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The Computer Science Department at NC State is celebrating its 50th birthday this year. Established in 1967, NC State has one of the oldest computer science departments in the nation. This half century of research and experience has brought us to an age where coding has never been more relevant.

“Coding is a beautiful thing,” said Donald Glover (aka Childish Gambino) in an interview with Complex a few years ago.

He goes on to say that he doesn’t want kids to aspire to be rappers or ballers, not even doctors or lawyers: “I want them to be coders.”

In case you aren’t familiar with Glover’s work, he was a writer on “30 Rock,” starred in the show “Community,” was nominated for two Grammys under his rap name Childish Gambino, and won two Golden Globes for his show “Atlanta.”

So why would a wildly successful actor/writer/musician wish that young kids don’t follow in his footsteps but pursue coding instead?

According to Code.org, “Computing jobs are the #1 source of new wages in the United States.” As a matter of fact, there are 500,000 openings for computing jobs, and these jobs are predicted to grow at twice the rate as other jobs.

So Glover understands the economic implications of a good computer science education. Because behind every car, gaming system and new filter on Snapchat, there was a programmer who made it happen. Considering the rise of automation and artificial intelligence, software engineers are in higher demand, while more jobs are being replaced by machines.

Thus, every high school and college student should learn how to code. Every single industry, from medicine to agriculture to entertainment, needs programmers because all those industries depend on computer software.

Since computers are ubiquitous, computer science education should be too. Even if you don’t end up coding as a career, the skills fostered by a computer science education are universal. 

For example, the way I approach writing a column is the same way I approach writing code. I start on a high level: I usually write out the themes for the column as subheadings first, just like the way I make my classes for my program at the beginning too.

Whether writing a program or a paper, every word, character and symbol matters; a missing semicolon can wreck your whole code, and a misplaced semicolon can change the vibe of the entire column. So learning how to code teaches you essential problem-solving skills that are applicable to everything.

If you’re interested, you should at least take one coding class while you’re at NC State — it’s one of the best schools in the country in this regard: first in the nation in female faculty members, and among the top in the nation in awarding bachelor’s, master’s and doctoral degrees for computer science.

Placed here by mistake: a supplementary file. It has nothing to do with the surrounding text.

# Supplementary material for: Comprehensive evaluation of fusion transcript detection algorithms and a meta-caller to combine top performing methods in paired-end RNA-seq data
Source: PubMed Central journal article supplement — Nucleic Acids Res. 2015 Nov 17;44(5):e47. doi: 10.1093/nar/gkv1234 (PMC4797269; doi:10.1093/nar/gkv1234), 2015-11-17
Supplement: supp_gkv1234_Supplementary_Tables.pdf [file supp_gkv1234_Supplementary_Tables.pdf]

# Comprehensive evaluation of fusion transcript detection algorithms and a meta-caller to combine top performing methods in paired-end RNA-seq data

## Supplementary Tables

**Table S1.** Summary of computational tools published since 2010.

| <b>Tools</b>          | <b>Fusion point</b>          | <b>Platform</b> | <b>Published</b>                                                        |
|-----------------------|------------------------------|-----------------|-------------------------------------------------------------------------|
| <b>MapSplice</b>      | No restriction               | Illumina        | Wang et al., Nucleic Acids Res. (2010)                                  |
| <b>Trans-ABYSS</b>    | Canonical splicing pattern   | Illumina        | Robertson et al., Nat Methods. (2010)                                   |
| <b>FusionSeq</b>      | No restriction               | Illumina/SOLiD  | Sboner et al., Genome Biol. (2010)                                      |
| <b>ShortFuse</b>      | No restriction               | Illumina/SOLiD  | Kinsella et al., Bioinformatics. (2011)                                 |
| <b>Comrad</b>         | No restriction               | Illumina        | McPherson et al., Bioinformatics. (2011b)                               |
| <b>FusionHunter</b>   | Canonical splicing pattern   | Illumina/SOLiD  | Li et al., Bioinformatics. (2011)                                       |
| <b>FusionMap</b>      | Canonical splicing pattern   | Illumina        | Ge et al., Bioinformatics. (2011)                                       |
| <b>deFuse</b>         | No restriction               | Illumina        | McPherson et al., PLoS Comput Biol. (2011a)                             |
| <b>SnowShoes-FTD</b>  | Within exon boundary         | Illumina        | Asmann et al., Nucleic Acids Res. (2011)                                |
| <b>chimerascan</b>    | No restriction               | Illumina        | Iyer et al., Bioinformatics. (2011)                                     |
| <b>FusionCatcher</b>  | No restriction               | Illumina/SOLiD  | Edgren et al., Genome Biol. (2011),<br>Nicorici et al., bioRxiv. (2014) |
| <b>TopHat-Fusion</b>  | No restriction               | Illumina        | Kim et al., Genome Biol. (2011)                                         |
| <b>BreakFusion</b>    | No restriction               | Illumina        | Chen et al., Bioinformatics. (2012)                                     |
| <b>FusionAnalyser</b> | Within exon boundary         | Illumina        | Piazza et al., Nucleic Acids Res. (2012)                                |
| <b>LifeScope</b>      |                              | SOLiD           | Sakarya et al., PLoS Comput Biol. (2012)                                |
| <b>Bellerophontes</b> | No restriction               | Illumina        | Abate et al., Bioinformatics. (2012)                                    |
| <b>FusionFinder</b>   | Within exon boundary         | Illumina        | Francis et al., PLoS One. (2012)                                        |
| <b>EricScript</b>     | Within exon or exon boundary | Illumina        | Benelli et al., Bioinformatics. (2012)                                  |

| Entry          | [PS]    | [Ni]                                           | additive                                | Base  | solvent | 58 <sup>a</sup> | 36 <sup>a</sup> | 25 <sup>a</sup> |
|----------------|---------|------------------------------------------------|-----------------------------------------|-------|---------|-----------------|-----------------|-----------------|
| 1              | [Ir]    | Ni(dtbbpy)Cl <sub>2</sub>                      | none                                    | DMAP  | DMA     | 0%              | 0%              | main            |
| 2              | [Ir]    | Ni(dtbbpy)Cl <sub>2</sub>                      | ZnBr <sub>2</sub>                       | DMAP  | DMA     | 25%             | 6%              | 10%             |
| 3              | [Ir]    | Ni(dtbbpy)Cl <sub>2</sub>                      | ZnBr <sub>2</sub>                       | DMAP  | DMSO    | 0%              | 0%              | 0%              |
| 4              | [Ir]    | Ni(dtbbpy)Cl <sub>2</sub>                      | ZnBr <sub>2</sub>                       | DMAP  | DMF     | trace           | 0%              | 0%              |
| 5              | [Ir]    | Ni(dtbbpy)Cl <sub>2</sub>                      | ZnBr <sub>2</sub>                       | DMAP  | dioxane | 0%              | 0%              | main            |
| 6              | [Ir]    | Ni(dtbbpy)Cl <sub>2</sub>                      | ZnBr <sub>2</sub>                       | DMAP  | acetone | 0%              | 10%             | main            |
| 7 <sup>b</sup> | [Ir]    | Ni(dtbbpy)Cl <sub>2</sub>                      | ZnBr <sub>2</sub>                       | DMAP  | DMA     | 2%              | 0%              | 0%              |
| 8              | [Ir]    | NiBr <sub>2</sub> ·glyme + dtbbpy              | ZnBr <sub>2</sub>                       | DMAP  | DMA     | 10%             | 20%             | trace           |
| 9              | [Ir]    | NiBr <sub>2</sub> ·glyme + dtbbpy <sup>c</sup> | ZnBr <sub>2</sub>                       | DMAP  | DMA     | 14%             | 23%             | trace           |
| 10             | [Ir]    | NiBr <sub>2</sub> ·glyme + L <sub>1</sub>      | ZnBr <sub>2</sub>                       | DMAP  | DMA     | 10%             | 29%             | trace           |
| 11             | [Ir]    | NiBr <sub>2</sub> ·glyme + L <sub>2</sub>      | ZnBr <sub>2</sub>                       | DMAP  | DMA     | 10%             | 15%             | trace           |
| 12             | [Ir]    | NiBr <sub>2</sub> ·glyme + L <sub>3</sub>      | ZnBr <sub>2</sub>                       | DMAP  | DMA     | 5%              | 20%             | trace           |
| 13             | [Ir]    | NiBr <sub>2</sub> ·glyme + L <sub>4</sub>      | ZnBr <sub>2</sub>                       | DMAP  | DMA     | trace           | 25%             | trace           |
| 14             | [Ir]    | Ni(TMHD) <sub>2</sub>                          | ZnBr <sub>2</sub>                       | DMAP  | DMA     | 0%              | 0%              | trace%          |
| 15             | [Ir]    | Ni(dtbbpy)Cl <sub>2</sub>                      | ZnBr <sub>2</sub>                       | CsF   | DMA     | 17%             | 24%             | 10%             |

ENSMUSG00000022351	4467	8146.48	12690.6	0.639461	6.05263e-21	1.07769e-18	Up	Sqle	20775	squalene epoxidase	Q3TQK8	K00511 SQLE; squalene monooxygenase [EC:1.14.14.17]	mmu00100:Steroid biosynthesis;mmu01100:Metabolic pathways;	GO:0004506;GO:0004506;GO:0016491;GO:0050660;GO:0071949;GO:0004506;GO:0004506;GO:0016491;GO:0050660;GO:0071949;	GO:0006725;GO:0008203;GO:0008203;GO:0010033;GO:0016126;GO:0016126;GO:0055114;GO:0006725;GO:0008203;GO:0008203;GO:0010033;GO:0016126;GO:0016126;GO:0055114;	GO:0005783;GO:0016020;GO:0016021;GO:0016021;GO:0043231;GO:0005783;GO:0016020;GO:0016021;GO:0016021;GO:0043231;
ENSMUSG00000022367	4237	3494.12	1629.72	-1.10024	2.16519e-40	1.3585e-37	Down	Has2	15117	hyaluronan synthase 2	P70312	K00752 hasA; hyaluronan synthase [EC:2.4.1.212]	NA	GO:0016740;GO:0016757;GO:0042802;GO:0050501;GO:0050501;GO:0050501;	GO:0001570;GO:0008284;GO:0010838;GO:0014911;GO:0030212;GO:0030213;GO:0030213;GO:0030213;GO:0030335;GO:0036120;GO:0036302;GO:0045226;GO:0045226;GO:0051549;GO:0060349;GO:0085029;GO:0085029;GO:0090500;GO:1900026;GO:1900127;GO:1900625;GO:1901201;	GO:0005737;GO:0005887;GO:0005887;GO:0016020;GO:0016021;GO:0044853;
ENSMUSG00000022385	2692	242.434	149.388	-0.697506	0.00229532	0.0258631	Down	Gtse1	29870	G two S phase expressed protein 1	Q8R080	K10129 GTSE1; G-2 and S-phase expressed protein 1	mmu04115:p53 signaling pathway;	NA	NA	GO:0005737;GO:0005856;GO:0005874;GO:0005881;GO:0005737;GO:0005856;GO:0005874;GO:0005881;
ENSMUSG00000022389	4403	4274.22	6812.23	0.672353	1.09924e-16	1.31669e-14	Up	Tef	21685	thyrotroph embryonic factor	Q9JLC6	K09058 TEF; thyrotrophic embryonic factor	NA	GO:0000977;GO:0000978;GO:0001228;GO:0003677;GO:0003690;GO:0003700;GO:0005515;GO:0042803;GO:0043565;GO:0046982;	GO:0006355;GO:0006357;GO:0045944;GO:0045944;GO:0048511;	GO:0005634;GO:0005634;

Being a computer science student at NC State definitely has its perks too. Often on the way to class in EB II, I see software companies in the atrium who want to talk to computer science students (usually with donuts or sandwiches of some sort).

I also went to the Computer Science Career Fair at Hunt Library before the Engineering Career Fair this past year. Since there weren’t nearly as many students compared to the big engineering fair, I didn’t have to wait long to talk to a SAS representative, and I think that conversation really helped me get my SAS internship this summer.

There are plenty of online resources to learn how to code too. I like Code.org; they make it very easy for beginners to get started, using different themes like Minecraft and Frozen to make their tutorials more fun.

We live in a world where someone could learn how to code by themselves, make an app in their basement, and have it become the new hottest thing. Websites like Code.org and Khan Academy can help you learn how to do this, even without getting a degree in computer science. 

I hope that as more people learn to code, we can deconstruct some of the stigma surrounding computer science too. People might have this image of a guy locked in his nerd lair with Doritos and Mountain Dew tapping away at his keyboard. I’ve told people that I’m a computer science major, and their reaction was almost one of vehement disgust.

But when I’m able to make “Tetris” come alive, or when I animate scenes from the movie “Up” with just geometric shapes, or when my ecosystem simulator finally works, I feel what Donald Glover describes about the beauty of coding: “The excitement of making something, that’s the spark of God.”